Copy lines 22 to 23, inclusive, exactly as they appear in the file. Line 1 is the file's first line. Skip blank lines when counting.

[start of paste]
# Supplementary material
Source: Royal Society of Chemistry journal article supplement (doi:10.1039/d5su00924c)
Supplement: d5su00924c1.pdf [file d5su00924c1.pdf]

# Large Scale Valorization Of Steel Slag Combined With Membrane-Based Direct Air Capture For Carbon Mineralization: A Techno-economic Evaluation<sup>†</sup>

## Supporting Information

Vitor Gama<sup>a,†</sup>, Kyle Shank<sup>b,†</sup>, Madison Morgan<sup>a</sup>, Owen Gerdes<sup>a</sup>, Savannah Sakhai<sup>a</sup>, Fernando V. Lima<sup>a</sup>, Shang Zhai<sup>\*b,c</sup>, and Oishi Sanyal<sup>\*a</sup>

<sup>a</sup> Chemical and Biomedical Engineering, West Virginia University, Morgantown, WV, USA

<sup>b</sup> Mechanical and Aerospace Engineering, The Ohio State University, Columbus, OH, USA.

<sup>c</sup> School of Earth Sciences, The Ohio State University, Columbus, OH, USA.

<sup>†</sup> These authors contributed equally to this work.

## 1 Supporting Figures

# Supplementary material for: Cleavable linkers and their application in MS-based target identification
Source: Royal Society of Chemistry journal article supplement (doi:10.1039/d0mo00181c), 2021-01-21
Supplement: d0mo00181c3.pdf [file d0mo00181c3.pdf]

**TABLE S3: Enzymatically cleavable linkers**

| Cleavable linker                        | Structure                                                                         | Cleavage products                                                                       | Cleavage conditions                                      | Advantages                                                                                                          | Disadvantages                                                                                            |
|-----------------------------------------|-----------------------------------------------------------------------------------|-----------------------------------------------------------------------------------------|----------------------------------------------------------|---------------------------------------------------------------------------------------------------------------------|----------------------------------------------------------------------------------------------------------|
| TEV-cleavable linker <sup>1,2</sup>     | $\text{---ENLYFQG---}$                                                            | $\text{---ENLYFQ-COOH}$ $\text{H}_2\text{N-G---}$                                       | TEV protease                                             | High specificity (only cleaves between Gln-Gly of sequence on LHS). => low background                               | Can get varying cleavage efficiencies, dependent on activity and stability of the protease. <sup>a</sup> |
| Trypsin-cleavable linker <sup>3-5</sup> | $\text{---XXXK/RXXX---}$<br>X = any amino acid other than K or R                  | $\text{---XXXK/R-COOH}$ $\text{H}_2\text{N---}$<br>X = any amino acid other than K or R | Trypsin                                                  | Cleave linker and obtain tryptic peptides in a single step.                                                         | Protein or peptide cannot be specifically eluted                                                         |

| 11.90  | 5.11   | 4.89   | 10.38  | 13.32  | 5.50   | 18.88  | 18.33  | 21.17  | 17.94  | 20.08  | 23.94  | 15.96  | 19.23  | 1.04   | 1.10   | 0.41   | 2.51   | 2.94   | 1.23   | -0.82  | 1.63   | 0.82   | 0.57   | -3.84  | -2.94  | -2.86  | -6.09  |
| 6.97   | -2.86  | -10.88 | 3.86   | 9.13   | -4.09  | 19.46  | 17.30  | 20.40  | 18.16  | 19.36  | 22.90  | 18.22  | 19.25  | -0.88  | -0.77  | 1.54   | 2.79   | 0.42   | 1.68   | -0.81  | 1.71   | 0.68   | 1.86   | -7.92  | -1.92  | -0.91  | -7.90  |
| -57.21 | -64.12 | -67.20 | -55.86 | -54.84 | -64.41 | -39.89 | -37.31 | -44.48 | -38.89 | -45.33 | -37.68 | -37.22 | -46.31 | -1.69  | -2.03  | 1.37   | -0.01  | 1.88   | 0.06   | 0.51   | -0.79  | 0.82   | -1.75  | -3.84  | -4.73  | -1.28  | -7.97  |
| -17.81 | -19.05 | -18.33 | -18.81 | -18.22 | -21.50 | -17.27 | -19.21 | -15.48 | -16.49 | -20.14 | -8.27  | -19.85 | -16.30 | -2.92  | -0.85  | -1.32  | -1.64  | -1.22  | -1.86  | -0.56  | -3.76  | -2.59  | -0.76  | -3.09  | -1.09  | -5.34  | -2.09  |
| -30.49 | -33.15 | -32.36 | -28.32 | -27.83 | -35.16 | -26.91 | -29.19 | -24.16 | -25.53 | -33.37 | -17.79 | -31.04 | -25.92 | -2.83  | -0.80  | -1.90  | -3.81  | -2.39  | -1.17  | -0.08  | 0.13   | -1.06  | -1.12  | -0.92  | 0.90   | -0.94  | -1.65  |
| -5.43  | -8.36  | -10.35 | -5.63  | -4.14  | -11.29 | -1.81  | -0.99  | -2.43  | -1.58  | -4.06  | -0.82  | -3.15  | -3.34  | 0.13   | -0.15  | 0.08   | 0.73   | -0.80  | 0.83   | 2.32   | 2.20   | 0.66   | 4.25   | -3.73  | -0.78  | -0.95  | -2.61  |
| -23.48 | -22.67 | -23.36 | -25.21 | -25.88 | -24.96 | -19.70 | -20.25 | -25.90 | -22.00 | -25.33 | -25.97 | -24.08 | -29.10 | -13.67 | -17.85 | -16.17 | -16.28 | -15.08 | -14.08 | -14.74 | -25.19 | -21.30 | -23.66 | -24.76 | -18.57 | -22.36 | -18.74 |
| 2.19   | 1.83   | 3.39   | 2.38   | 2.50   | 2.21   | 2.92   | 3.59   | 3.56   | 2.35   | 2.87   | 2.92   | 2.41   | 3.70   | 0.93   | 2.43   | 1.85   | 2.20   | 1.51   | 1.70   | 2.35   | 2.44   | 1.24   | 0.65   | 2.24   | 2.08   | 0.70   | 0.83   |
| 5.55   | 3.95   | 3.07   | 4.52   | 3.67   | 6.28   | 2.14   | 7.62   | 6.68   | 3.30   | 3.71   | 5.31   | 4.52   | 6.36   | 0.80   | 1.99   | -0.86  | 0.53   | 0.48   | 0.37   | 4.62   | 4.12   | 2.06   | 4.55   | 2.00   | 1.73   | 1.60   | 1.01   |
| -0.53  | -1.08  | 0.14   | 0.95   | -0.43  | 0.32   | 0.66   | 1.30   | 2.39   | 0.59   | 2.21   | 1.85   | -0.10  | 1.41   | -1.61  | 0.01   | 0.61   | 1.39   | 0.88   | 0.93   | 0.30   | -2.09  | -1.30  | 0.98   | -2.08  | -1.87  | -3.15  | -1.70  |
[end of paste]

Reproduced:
| -57.21 | -64.12 | -67.20 | -55.86 | -54.84 | -64.41 | -39.89 | -37.31 | -44.48 | -38.89 | -45.33 | -37.68 | -37.22 | -46.31 | -1.69  | -2.03  | 1.37   | -0.01  | 1.88   | 0.06   | 0.51   | -0.79  | 0.82   | -1.75  | -3.84  | -4.73  | -1.28  | -7.97  |
| -17.81 | -19.05 | -18.33 | -18.81 | -18.22 | -21.50 | -17.27 | -19.21 | -15.48 | -16.49 | -20.14 | -8.27  | -19.85 | -16.30 | -2.92  | -0.85  | -1.32  | -1.64  | -1.22  | -1.86  | -0.56  | -3.76  | -2.59  | -0.76  | -3.09  | -1.09  | -5.34  | -2.09  |